piet mondrian art composition ii
Together they formed an artistic collective that consisted not only of painters but also architects; the movement was confined to strictly Dutch areas due to war. These artists cannot be considered the same. For example, not all De Stijl artists produced work that mimicked Mondrian. It was more a group of individual artists/architects who applied similar and distinct techniques to their work in hopes of achieving a similar, theoretical goal. Mondrian attempts to define the ambition of De Stijl artists in his personal artistic manifesto, Neo-Plasticist in Painting (1917). To create the essence of life itself through abstraction, which relies on what he refers to as the universal means of expression: straight lines and primary colors.  This essence of life can be illustrated by transcending the particular to express the universal. Mondrian claimed the particular to be associated with a Romantic, subjective appeal. Thus, the universal must be something that goes beyond the  surface of nature. Mondrian’s art also had a clear spiritual quality to it. He practiced Theosophy, a self-styled universal religion rooted in mystic, oriental interpretation that promoted opposites as a form of unity.  Theosophical philosophy informing Mondrian’s art is evidence of their shared terminology. Nieuwe Beelding, a word used in Theosophical teachings, makes an appearance in Mondrian’s work in a major way: as an alternative title to De Stijl, Nieuwe Beelding translates to Neo-Plasticism, a term used in Mondrian’s personal essays to describe his art.
Composition II with Red Blue and Yellow is a 1930 painting by Piet Mondrian. A well-known work of art, Mondrian contributes to the abstract visual language in a large way despite using a relatively small canvas. Thick, black brushwork defines the borders of the different geometric figures. Comparably, the black brushwork on the canvas is minimal but it is masterfully applied to become one of the defining features of the work.
De Stijl was officially founded in 1917, with the publication of a journal that encapsulated the movement’s ideals. The founding members, along with Mondrian and van Doesburg, were artists Vilmos Huzár and Bart van de Leck, and architects Gerrit Rietveld, Robert van ‘t Hoff, and J. J. P Oud.
Speaking about his particular style of artwork, Mondrian stated:
Around 1930 Mondrian’s art attained a highpoint of purity and sobriety, for which the groundwork had been prepared in the paintings of the previous years, the 1929 Composition, for example. Actually, the Composition II in Red, Blue, and Yellow, 1930 is a variation on the picture of the preceding year, at least in so far as the linear framework is concerned. But for that very reason the subtle differences in the work – such as the subdivision of the left strip of the painting into three unequal rectangles, one of which is the blue square – are all the more remarkable. They show that there can never be any question in Mondrian of a preconceived pattern for a composition, but that every work arises out of cautious and painstaking association with the elements of painting, which must be resolved anew in every work.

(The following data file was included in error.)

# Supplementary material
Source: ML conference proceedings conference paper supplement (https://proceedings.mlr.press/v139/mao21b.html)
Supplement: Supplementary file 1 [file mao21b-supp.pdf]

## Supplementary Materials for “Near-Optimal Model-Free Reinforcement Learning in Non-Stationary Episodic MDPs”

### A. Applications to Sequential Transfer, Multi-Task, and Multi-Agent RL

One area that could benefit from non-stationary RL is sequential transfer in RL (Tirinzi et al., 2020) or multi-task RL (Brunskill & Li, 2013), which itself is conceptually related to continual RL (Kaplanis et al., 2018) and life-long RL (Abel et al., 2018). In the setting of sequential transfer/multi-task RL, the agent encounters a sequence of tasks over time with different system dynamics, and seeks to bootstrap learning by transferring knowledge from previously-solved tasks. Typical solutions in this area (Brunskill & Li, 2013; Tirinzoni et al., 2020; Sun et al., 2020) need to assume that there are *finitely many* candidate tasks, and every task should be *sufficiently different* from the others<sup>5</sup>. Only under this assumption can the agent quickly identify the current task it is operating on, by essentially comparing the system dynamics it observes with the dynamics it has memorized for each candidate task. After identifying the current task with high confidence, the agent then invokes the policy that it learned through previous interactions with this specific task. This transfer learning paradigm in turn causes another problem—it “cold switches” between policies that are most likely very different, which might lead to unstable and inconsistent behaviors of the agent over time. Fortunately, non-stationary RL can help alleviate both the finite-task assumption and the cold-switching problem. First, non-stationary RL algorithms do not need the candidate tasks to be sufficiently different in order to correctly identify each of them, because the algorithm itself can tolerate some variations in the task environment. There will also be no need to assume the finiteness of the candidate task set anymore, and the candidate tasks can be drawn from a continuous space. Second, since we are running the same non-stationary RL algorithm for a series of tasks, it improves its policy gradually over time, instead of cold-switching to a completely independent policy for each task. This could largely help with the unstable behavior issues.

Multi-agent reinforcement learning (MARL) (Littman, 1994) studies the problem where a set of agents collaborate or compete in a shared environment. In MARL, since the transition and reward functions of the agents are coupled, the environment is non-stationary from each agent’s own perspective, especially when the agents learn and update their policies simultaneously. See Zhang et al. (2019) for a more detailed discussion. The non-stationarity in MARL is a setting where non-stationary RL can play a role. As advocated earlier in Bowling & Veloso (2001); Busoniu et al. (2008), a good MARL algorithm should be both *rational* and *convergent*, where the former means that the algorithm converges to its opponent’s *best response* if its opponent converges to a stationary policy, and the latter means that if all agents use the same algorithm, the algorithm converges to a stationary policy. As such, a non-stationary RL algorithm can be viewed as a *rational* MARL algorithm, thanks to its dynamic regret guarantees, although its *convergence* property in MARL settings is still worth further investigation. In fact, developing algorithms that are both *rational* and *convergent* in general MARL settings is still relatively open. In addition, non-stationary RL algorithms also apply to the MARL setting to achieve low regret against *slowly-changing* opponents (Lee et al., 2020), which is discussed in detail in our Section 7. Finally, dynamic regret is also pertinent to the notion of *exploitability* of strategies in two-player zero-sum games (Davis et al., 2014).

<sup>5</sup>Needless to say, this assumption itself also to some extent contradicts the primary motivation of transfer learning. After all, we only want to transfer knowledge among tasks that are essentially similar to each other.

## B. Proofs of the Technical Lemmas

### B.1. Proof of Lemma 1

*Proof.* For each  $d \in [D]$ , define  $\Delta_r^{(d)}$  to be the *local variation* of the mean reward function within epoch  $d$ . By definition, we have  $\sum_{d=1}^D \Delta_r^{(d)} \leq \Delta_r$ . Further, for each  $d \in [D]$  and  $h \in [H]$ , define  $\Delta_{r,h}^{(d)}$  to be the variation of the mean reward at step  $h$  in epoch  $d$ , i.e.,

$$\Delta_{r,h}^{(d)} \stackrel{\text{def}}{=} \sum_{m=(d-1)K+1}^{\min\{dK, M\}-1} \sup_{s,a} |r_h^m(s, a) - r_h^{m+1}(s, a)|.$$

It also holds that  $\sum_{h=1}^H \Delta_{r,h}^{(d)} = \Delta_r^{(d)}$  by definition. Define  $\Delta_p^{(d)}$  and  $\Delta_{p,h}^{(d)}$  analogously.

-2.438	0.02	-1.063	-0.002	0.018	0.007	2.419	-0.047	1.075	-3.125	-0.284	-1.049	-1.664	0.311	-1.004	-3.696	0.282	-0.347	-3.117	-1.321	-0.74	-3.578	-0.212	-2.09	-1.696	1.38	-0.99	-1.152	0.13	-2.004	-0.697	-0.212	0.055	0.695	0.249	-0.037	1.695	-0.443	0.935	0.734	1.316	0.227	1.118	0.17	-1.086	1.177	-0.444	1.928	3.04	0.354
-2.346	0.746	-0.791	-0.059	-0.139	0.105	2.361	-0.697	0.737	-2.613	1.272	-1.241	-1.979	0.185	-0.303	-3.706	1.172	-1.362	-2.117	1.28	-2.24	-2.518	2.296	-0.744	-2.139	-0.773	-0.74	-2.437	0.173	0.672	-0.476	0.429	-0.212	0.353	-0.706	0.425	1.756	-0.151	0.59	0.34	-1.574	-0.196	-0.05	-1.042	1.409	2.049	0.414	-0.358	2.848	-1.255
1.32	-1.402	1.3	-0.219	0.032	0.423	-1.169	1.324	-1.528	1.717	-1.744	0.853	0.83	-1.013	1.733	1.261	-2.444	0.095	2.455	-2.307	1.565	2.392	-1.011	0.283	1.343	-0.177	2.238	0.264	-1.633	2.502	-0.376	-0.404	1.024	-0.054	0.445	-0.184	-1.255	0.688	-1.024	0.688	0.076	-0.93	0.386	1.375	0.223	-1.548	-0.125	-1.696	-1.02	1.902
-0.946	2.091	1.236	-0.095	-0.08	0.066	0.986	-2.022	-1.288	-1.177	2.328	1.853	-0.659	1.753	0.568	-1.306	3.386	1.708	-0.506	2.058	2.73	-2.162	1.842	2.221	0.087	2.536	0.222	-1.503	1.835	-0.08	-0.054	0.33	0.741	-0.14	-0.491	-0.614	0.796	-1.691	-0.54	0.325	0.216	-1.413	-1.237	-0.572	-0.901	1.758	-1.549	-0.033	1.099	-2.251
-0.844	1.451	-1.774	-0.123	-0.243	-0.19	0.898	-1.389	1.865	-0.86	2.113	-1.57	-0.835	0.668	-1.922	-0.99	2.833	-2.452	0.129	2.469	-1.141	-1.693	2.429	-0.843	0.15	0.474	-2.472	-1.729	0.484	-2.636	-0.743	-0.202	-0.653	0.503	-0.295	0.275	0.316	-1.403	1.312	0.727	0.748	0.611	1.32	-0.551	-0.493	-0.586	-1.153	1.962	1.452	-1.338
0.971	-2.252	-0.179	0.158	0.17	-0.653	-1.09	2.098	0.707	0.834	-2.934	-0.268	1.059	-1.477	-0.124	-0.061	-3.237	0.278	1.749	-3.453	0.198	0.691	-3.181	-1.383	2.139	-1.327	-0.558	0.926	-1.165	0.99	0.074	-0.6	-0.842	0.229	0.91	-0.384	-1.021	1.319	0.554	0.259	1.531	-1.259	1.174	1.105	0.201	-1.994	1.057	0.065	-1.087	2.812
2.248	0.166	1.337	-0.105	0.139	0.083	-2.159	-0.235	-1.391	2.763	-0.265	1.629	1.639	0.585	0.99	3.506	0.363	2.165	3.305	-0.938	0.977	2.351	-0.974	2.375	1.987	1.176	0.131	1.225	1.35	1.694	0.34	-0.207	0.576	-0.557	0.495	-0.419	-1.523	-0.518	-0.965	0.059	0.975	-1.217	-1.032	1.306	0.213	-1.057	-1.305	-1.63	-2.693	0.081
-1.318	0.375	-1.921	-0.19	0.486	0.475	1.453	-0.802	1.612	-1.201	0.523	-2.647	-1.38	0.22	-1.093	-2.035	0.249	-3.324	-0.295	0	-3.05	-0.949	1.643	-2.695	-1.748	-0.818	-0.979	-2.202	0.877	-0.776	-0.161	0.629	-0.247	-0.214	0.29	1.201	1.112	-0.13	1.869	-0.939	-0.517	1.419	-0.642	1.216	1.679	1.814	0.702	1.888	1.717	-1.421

For centuries, European painters had attempted to render three-dimensional forms in believable spaces-creating convincing illusions of reality. For example, Woman with a Water Jug by Johannes Vermeer. In contrast, Mondrian and other modernists wanted to move painting beyond naturalistic depiction to focus instead on the material properties of paint and its unique ability to express ideas abstractly using formal elements such as line and color.
It is one of the largest of a stylistically related group of seven paintings dated from 1919 to early 1921 (Seuphor c.c.302-6 and 313) in which he used larger rectangles than before and with black, several different tones of grey, and the three primary colours mixed with grey. Two photographs taken of his studio at 26 Rue du Départ, Paris, apparently on the same day some time in the mid 1920s, show this particular picture hanging on the wall above a doorway and seem to prove that he must have subsequently repainted parts of the composition. For example, all the rectangles which are now yellow appear in the photographs to be very dark in tone. (The yellows were clearly applied over darker colours). Though there seems to be no record of exactly when these photographs were taken, J.M. Joosten points out that one appears to have been first reproduced in the Dutch newspaper De Telegraaf on 12 June 1926 and the other in Der Querschnitt , VIII, February 1928. The probability is that the painting, though signed and dated 1920, was reworked and finished between about 1926 and the date of its first exhibition in 1928.
Gallery label, August 2004
Born in Amersfoort in 1872, Mondrian was a pioneer of 20 th century abstract art, and one of the founders of De Stijl (or Neoplasticism). Mondrian and his contemporaries were proponents of pure abstraction, and the movement – arguably a reaction to Modern Baroque – believed that this simplification was necessary to communicate a truly universal beauty.
Evening: Red Tree